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Out of the Scrub

Extracts from:

John Gilbert - Diary of the Port Essington Expedition with Leichhardt, 18 Sept. 1844 - 28 June 1845

Sunday Nov. 3.

Calvert and Brown set off early in pursuit of the cattle. After breakfast two of our people were busily employed cutting down a tree with a hollow branch of honey of the little native bee. While thus employed, the natives came out of the scrub to watch our actions; at each successive visit they seemed to gain confidence and become more urgent to come near our tents, and in their enquiries for food; some of them have evidently been among the Settlers for they understand and speak many words, those who apparently have not seen white people before are less confident and more curious in their manners.


The following letter from one of the party (a lad about sixteen years of age named John Murphy) under the command of Dr. Leichhardt, has been handed to us by his father for publication. Although it gives but a meagre account of the progress of the little band, yet it will no doubt be read with interest. It is rather   singular that this is the only letter which has reached Sydney, dated from the place where two of the party bid farewell to the others, and returned to Moreton Bay; and although the letter states that the reasons for their abandoning the expedition would be published in a contemporary, it appears that nothing relative thereto, that we can find, has yet been laid before the public. We should feel obliged for any communications on the progress of the Doctor and   his companions.

Dry Beef Creek, Nov. 3, 1844.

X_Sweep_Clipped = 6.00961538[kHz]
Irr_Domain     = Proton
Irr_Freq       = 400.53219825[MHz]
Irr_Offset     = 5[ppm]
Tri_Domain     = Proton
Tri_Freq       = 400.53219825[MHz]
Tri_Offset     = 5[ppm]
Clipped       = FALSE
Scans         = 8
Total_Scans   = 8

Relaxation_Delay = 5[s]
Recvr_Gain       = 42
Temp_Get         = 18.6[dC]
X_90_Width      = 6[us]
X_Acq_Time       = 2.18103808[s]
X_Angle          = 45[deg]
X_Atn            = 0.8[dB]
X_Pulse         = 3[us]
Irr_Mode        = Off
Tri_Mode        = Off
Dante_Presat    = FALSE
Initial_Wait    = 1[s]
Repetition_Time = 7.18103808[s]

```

My Dear Parents,   I suppose by this time you think we are about half way, but no such luck; the explored parts of Australia are not to be compared with what we have gone through — scrubs impenetrable — rotten ground, and misfortunes have stopped us considerably, but never mind, we expect, though it is all over for some time, we shall go on surprisingly. The country we have travelled through, is very scantily supplied with game, which obliged us to kill a steer, and try the experiment of drying it, in which we have succeeded in a most exquisite manner, so we shall not starve while we have bullocks and horses; my horse is as fat as mud. I was made caterer, and went duck shooting, and had the misfortune to lose myself with the bearer of this, Caleb, an American. We were three days wandering about without anything to eat, and thirty-six hours with- out water; and it would have been a settler with us only for Charley, our black fellow, who tracked us. It is most miserable to be lost, not knowing the moment we might have the blacks upon us — it was much worse than the time the Doctor was lost, but never mind I won’t be lost again, for I won’t go again without a black fellow, or the Doctor, and have accordingly resigned the office of caterer. Yesterday, we had our first interview with the blacks, who were very friendly, but little crib would scare a hundred of them. They visited us this morning again, and went away to procure honey for us, which they got in abundance; they also wished us to have a gin, narangie mory, which was, of course, declined. We are now clear of the scrub — well watered — clear beautiful country — plenty of game, and splendid pasturage. We have discovered new birds, new plants, and like- wise the way to eat grubs, goanna’s, lizards, and all we got hold of. Mr. Hodgson and Caleb return tomorrow; and the Herald will inform you that we are nearly 200 miles from Jimba, or 400 from Moreton Bay. I could return now if I wished, but the Doctor says I stand it better than he imagined ; he asked me if I wished to return, but I told him I would stick to him till death, if he did not wish me to return. There is no fear of black fellows, never think of them, I would not care for the best fifty in the bush.